I can’t remember the last time I wrote about being queer. My all-time most popular answer on Quora is about coming out — a heartwarming tale of my mother’s acceptance of me — and I have a few scattered posts about what bisexuality is and what it means to me.
When I first came out, this sort of writing, this public display of queer identity, was exhilarating. “I can finally be me! This is who I am! Take it all in!”
But a few years later, I’ve stopped talking about it. Not intentionally. I just… don’t. I don’t come out to people anymore. I don’t wear bi pride colors or talk about my queer identity. I’d say it’s because these things don’t come up but they do. I was a theatre major for the better part of college and theatre, like all arts, is queer as hell. Many of my peers were queer. The art we made and the stories we told were queer.
Even in a community that talked about these things and made room for open queer discussion, I treated my bisexuality as a fun fact and not a core identity.
Perhaps it never was a core identity.
I never struggled with queerness.
I never learned to defend that part of myself because there were no adversaries for my queerness to come up against. My family accepted me without question. I never risked losing my job. I was never bullied, never kicked out of the house, never mistreated. I never went to a church that forced me to internalize negative messages about myself. I never loathed the queer part of me — I was never taught to.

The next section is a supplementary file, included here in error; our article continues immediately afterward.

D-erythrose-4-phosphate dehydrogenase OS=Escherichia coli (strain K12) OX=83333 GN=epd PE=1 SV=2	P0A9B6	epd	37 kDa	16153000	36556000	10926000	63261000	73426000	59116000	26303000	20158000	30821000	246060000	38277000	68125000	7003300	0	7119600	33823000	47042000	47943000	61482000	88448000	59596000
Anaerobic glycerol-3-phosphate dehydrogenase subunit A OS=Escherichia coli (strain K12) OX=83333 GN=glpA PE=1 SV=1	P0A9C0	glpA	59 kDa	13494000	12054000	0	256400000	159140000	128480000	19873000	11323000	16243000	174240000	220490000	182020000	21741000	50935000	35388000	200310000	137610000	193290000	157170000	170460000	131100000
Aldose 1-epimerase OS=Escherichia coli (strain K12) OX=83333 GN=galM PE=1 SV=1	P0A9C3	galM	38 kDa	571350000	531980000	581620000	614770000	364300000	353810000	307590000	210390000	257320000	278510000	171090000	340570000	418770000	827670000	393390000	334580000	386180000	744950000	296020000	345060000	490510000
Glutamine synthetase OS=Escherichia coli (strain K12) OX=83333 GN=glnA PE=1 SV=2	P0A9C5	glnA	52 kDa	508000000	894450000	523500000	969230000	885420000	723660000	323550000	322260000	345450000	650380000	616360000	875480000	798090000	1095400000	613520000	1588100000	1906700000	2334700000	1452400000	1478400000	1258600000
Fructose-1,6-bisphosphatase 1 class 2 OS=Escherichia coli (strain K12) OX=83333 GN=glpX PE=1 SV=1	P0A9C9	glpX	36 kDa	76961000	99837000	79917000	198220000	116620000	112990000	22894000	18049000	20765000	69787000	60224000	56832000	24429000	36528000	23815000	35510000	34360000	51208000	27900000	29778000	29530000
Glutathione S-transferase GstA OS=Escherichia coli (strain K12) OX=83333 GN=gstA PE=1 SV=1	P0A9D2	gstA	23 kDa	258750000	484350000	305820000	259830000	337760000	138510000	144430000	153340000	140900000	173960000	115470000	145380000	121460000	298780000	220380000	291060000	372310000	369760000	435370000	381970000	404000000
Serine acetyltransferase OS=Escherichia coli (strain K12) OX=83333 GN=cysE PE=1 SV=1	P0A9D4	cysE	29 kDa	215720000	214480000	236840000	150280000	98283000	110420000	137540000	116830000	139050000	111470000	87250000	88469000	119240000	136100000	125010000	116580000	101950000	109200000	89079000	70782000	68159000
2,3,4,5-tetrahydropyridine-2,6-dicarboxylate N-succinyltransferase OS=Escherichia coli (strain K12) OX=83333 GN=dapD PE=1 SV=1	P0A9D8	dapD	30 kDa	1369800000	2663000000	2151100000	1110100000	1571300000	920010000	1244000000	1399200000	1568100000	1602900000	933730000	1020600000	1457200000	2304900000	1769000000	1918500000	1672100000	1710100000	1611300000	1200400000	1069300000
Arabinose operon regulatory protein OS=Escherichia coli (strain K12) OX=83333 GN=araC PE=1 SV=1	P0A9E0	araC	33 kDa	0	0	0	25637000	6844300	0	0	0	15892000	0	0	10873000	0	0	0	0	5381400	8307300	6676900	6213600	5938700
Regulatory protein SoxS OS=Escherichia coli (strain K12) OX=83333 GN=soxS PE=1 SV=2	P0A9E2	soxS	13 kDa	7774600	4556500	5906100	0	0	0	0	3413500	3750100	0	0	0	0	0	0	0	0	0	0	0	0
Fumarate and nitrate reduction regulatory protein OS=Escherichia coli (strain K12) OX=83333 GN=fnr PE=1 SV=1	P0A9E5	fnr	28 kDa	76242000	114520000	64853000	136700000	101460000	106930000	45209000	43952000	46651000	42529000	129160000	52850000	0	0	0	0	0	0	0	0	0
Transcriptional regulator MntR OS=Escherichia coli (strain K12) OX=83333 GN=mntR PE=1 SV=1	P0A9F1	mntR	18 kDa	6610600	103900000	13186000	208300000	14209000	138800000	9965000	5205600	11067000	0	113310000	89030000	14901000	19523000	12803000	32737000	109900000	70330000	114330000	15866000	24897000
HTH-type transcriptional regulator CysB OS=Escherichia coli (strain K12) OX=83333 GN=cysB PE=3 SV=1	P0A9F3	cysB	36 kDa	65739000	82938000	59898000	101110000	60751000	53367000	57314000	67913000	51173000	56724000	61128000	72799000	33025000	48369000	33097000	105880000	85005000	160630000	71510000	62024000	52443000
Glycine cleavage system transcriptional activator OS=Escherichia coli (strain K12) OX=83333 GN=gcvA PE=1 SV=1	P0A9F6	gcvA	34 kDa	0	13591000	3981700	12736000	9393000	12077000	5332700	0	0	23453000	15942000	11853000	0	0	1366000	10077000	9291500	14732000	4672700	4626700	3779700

Much of queer art is rooted in struggle, in ostracization, in empowerment. Look at Rent. Look at Angels in America. Look at The Laramie Project.
I mean, fuck. The Laramie Project — about the murder of Matthew Shepard — takes place in my home state. I know people who are featured in that show. It’s all about queer struggle in the place I called home for nearly 20 years and I, an openly queer woman, still can’t connect with it.
I don’t have a queer voice because these stories emerge from the force of overcoming adversity and I overcame nothing to be here. I don’t have a queer struggle.
Do I have a place in queer communities? I’m not sure. I certainly don’t expect other queer folks to change how they relate to one another to include me, so if I don’t fit, I don’t fit. I’m okay with it.
But it leaves me in a weird place in regards to my own identity.
Should I keep talking about my queerness, even though I know I have as much in common with most queer folks as they do with allies? Do I keep it on the back burner and risk looking ashamed? Do I have a responsibility to use the privilege I have as a queer person to speak out for other queer people? Do I have the right to do that?
What does privilege even look like in a queer space?
For now, I’ll keep boosting the stories of queer people where I can, donating to queer-friendly organizations, and being supportive in the ways I know how. I’ll keep being queer but I won’t tell stories about it.
Because, really, the last thing we need is more stories from the privileged queer.